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OP: Is pure consciousness, or being aware of being aware, the same as what the Buddha called the "unconditioned"? Or is the unconditioned the cessation of consciousness, as Buddhism sees consciousness as impermanent and not self?

The short answer is NO.

In MN 38, the Buddha explained that there are only six types of consciousness dependent on the six sense media and their sense objects. There's no other type of consciousness beyond this. And they are all conditioned.

In this question, the notion of "consciousness without surface" (viññāṇaṃ anidassanaṃ - MN 49) or some kind of pure consciousness beyond the six sense media, was debunked as a mistranslation. It actually refers to Nibbana, the unconditioned.

All types of consciousness and even the "luminous mind" (pabhassara citta - AN 1.51-52) - the fundamental pure state of mind, are all conditioned and impermanent. Please see this question on whether "luminous mind" is conditioned or unconditioned.

According to SN 35.23, the six sense media and their sense objects is called "The All", and there's nothing beyond this range. Please see this question on "The All".

According to SN 35.205, the lute makes nice music. But when you break it down to its constituent parts, you cannot find music. Similarly, the self is just a mental idea that arises when the five aggregates (form, feeling, perception, consciousness, mental formations) work together. When you break the five aggregates down to its constituent parts, the self cannot be found. This is completely opposite to Advaita which states that in the wake state, dream state and deep sleep state of many beings, you have the same one "I", eternal witness, true self, pure consciousness (see Advaita text Aparokshanubhuti 31-32, 56-58).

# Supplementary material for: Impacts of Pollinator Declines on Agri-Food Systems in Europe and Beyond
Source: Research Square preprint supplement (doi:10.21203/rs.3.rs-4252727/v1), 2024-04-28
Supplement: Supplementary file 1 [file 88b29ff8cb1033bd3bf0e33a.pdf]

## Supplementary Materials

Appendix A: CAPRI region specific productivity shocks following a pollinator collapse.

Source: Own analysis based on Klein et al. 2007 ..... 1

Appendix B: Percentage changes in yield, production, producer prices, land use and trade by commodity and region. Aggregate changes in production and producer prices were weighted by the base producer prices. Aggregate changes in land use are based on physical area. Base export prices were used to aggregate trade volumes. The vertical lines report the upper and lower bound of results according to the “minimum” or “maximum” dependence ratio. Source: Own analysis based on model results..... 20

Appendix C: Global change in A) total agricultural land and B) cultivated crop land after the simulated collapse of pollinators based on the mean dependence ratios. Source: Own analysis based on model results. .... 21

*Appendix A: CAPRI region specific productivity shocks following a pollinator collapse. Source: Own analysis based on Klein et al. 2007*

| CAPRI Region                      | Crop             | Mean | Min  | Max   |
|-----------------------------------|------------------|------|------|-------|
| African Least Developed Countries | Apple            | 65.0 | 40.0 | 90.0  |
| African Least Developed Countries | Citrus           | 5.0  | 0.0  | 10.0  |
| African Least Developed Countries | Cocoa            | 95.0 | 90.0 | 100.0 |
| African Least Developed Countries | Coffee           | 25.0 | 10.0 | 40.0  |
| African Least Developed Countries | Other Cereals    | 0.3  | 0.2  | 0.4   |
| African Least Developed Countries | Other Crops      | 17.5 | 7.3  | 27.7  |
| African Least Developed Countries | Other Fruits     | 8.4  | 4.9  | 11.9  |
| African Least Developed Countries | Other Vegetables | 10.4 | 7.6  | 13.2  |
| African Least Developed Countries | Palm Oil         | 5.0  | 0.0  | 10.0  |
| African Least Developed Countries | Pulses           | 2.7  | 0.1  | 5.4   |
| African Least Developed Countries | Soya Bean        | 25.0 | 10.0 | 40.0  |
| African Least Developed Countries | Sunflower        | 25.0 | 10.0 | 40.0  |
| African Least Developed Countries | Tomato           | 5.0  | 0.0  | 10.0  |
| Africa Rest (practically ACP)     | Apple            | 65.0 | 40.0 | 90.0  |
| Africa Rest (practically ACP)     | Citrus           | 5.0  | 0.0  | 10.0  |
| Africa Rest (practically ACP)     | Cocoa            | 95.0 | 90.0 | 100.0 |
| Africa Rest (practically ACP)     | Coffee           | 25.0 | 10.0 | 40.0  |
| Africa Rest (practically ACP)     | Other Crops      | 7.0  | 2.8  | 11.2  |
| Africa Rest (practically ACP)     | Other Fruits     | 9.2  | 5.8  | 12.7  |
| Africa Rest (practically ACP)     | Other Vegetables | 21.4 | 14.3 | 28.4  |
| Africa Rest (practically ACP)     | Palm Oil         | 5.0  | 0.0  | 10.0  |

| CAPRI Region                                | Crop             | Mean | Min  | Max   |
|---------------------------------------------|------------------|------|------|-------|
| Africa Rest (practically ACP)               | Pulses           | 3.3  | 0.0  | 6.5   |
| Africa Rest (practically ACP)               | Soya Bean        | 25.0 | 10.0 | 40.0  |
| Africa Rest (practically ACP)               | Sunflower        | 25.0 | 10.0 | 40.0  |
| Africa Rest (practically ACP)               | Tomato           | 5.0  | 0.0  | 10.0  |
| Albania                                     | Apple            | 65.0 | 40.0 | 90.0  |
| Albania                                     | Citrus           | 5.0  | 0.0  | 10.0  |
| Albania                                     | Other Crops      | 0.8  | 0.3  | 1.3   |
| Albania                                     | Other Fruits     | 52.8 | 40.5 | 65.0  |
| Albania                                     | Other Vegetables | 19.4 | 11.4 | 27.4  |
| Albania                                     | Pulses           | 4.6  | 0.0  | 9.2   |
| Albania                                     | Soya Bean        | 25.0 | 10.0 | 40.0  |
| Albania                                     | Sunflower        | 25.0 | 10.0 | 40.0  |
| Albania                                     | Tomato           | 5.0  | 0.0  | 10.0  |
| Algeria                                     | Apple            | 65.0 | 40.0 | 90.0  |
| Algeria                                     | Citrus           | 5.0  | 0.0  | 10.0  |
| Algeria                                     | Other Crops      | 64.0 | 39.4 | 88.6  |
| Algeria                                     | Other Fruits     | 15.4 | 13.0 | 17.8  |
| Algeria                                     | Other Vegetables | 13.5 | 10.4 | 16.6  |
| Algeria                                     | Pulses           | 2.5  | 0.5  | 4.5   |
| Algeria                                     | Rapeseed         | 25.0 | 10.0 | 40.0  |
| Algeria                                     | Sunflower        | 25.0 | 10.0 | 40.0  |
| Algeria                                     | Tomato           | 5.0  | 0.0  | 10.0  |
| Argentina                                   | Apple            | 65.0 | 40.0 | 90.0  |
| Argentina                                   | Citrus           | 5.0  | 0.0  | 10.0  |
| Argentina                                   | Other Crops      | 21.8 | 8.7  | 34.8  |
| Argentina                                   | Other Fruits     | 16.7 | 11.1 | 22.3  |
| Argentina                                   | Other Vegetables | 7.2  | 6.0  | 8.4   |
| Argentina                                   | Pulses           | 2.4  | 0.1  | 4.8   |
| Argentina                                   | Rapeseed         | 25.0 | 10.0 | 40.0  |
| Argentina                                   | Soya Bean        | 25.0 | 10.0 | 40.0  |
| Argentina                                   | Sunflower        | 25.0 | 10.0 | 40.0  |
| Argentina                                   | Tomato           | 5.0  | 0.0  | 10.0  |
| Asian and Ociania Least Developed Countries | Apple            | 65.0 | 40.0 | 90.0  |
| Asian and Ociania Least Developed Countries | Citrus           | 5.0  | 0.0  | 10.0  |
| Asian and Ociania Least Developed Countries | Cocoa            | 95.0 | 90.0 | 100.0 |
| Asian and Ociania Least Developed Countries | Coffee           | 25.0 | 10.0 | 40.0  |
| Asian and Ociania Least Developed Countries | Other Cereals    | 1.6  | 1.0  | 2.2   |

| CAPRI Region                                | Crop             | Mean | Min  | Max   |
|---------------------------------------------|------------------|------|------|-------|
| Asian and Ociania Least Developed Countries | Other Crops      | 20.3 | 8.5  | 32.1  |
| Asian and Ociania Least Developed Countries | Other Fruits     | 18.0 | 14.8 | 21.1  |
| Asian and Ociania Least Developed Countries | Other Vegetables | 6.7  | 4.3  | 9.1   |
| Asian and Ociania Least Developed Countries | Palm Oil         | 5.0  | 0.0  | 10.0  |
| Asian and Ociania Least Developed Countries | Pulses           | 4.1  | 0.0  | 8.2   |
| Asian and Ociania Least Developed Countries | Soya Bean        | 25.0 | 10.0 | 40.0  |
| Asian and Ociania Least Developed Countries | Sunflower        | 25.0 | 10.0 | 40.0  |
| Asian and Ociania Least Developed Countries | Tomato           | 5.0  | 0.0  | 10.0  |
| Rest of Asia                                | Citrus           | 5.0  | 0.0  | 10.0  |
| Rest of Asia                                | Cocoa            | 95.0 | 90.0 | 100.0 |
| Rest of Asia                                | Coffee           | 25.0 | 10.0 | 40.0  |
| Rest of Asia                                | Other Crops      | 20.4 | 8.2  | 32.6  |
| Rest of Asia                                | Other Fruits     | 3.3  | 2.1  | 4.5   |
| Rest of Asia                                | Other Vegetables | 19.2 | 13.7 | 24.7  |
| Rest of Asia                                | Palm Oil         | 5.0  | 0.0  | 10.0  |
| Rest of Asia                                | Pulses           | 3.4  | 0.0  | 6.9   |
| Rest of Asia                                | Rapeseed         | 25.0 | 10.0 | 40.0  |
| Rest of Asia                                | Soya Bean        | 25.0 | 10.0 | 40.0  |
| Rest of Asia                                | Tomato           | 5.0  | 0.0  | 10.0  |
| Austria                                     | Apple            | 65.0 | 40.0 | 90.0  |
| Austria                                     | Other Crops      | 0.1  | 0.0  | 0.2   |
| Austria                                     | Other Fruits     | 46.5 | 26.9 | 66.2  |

Nibbana is that which the mind experiences when it is free of defilements. It is not a state of mind or consciousness. It is certainly not a self or a witness. AN 9.34 states that nothing is felt or sensed about Nibbana and that's precisely why it is blissful. The absence of suffering (dukkha) is blissful. This answer explains more on Nibbana and bliss. This question asks whether Nibbana lies within "The All".

According to Iti 44, Nibbana-element without residue left describes the Arahant after passing away, based on Ven. Thanissaro's footnote. This means that all five aggregates, including consciousness, stop operating completely. And from "The All", we know that there's no other consciousness than the ones arising dependent on the six sense media and their sense objects (MN 38).